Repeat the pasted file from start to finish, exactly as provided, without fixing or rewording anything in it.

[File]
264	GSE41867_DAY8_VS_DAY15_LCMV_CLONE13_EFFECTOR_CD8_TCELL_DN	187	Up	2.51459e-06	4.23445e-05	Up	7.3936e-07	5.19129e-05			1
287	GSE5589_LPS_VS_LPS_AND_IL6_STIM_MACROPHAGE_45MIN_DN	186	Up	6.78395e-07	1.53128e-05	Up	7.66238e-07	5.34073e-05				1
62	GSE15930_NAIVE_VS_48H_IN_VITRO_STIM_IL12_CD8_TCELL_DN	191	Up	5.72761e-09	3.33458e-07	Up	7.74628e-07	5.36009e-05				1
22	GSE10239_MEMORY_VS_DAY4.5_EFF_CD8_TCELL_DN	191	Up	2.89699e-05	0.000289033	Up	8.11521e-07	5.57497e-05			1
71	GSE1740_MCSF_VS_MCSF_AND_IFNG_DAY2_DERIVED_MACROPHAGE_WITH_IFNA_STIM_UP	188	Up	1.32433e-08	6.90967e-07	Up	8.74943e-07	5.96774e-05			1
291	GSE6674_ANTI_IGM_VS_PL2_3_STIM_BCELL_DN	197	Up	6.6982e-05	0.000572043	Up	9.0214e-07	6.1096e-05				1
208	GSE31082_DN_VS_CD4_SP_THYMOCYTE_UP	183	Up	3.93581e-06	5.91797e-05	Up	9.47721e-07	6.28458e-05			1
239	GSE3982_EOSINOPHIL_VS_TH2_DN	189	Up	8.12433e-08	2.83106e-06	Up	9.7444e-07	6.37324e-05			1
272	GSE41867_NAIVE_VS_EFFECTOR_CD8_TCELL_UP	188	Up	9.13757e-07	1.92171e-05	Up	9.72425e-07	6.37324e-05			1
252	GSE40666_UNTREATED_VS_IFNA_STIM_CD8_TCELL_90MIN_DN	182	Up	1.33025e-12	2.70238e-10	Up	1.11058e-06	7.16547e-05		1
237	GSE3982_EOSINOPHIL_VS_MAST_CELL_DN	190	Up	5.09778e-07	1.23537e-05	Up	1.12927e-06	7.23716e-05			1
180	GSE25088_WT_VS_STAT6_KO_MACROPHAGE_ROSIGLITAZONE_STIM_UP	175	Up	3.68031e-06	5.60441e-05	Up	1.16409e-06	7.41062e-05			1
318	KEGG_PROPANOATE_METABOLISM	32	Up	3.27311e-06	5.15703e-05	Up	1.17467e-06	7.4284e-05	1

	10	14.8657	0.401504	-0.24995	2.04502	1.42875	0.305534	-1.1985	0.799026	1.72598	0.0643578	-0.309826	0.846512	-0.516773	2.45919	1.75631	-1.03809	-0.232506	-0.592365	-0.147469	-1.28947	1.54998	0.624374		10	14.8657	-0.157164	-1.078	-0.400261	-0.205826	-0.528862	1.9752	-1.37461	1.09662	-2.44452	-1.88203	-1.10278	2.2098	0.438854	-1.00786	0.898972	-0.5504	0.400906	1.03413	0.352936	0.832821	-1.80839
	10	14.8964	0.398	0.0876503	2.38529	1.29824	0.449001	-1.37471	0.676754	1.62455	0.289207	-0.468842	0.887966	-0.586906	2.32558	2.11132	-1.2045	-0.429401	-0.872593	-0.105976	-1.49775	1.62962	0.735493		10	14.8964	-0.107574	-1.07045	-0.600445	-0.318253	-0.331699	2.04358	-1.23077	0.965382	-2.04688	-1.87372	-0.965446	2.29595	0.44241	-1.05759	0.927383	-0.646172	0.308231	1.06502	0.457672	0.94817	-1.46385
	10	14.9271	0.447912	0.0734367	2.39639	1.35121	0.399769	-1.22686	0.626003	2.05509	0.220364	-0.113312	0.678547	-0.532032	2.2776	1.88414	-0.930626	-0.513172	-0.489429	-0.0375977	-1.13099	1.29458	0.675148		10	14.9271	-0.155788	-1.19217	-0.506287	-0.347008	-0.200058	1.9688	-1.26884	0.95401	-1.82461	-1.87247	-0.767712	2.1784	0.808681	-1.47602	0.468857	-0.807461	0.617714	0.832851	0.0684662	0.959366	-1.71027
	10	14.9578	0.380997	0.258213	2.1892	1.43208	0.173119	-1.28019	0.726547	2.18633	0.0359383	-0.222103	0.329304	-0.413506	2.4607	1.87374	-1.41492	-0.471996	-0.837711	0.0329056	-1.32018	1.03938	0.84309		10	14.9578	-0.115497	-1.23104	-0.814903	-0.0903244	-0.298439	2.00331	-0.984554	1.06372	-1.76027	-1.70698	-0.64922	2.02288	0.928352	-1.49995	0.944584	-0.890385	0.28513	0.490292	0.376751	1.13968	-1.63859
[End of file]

264	GSE41867_DAY8_VS_DAY15_LCMV_CLONE13_EFFECTOR_CD8_TCELL_DN	187	Up	2.51459e-06	4.23445e-05	Up	7.3936e-07	5.19129e-05			1
287	GSE5589_LPS_VS_LPS_AND_IL6_STIM_MACROPHAGE_45MIN_DN	186	Up	6.78395e-07	1.53128e-05	Up	7.66238e-07	5.34073e-05				1
62	GSE15930_NAIVE_VS_48H_IN_VITRO_STIM_IL12_CD8_TCELL_DN	191	Up	5.72761e-09	3.33458e-07	Up	7.74628e-07	5.36009e-05				1
22	GSE10239_MEMORY_VS_DAY4.5_EFF_CD8_TCELL_DN	191	Up	2.89699e-05	0.000289033	Up	8.11521e-07	5.57497e-05			1
71	GSE1740_MCSF_VS_MCSF_AND_IFNG_DAY2_DERIVED_MACROPHAGE_WITH_IFNA_STIM_UP	188	Up	1.32433e-08	6.90967e-07	Up	8.74943e-07	5.96774e-05			1
291	GSE6674_ANTI_IGM_VS_PL2_3_STIM_BCELL_DN	197	Up	6.6982e-05	0.000572043	Up	9.0214e-07	6.1096e-05				1
208	GSE31082_DN_VS_CD4_SP_THYMOCYTE_UP	183	Up	3.93581e-06	5.91797e-05	Up	9.47721e-07	6.28458e-05			1
239	GSE3982_EOSINOPHIL_VS_TH2_DN	189	Up	8.12433e-08	2.83106e-06	Up	9.7444e-07	6.37324e-05			1
272	GSE41867_NAIVE_VS_EFFECTOR_CD8_TCELL_UP	188	Up	9.13757e-07	1.92171e-05	Up	9.72425e-07	6.37324e-05			1
252	GSE40666_UNTREATED_VS_IFNA_STIM_CD8_TCELL_90MIN_DN	182	Up	1.33025e-12	2.70238e-10	Up	1.11058e-06	7.16547e-05		1
237	GSE3982_EOSINOPHIL_VS_MAST_CELL_DN	190	Up	5.09778e-07	1.23537e-05	Up	1.12927e-06	7.23716e-05			1
180	GSE25088_WT_VS_STAT6_KO_MACROPHAGE_ROSIGLITAZONE_STIM_UP	175	Up	3.68031e-06	5.60441e-05	Up	1.16409e-06	7.41062e-05			1
318	KEGG_PROPANOATE_METABOLISM	32	Up	3.27311e-06	5.15703e-05	Up	1.17467e-06	7.4284e-05	1

	10	14.8657	0.401504	-0.24995	2.04502	1.42875	0.305534	-1.1985	0.799026	1.72598	0.0643578	-0.309826	0.846512	-0.516773	2.45919	1.75631	-1.03809	-0.232506	-0.592365	-0.147469	-1.28947	1.54998	0.624374		10	14.8657	-0.157164	-1.078	-0.400261	-0.205826	-0.528862	1.9752	-1.37461	1.09662	-2.44452	-1.88203	-1.10278	2.2098	0.438854	-1.00786	0.898972	-0.5504	0.400906	1.03413	0.352936	0.832821	-1.80839
	10	14.8964	0.398	0.0876503	2.38529	1.29824	0.449001	-1.37471	0.676754	1.62455	0.289207	-0.468842	0.887966	-0.586906	2.32558	2.11132	-1.2045	-0.429401	-0.872593	-0.105976	-1.49775	1.62962	0.735493		10	14.8964	-0.107574	-1.07045	-0.600445	-0.318253	-0.331699	2.04358	-1.23077	0.965382	-2.04688	-1.87372	-0.965446	2.29595	0.44241	-1.05759	0.927383	-0.646172	0.308231	1.06502	0.457672	0.94817	-1.46385
	10	14.9271	0.447912	0.0734367	2.39639	1.35121	0.399769	-1.22686	0.626003	2.05509	0.220364	-0.113312	0.678547	-0.532032	2.2776	1.88414	-0.930626	-0.513172	-0.489429	-0.0375977	-1.13099	1.29458	0.675148		10	14.9271	-0.155788	-1.19217	-0.506287	-0.347008	-0.200058	1.9688	-1.26884	0.95401	-1.82461	-1.87247	-0.767712	2.1784	0.808681	-1.47602	0.468857	-0.807461	0.617714	0.832851	0.0684662	0.959366	-1.71027
	10	14.9578	0.380997	0.258213	2.1892	1.43208	0.173119	-1.28019	0.726547	2.18633	0.0359383	-0.222103	0.329304	-0.413506	2.4607	1.87374	-1.41492	-0.471996	-0.837711	0.0329056	-1.32018	1.03938	0.84309		10	14.9578	-0.115497	-1.23104	-0.814903	-0.0903244	-0.298439	2.00331	-0.984554	1.06372	-1.76027	-1.70698	-0.64922	2.02288	0.928352	-1.49995	0.944584	-0.890385	0.28513	0.490292	0.376751	1.13968	-1.63859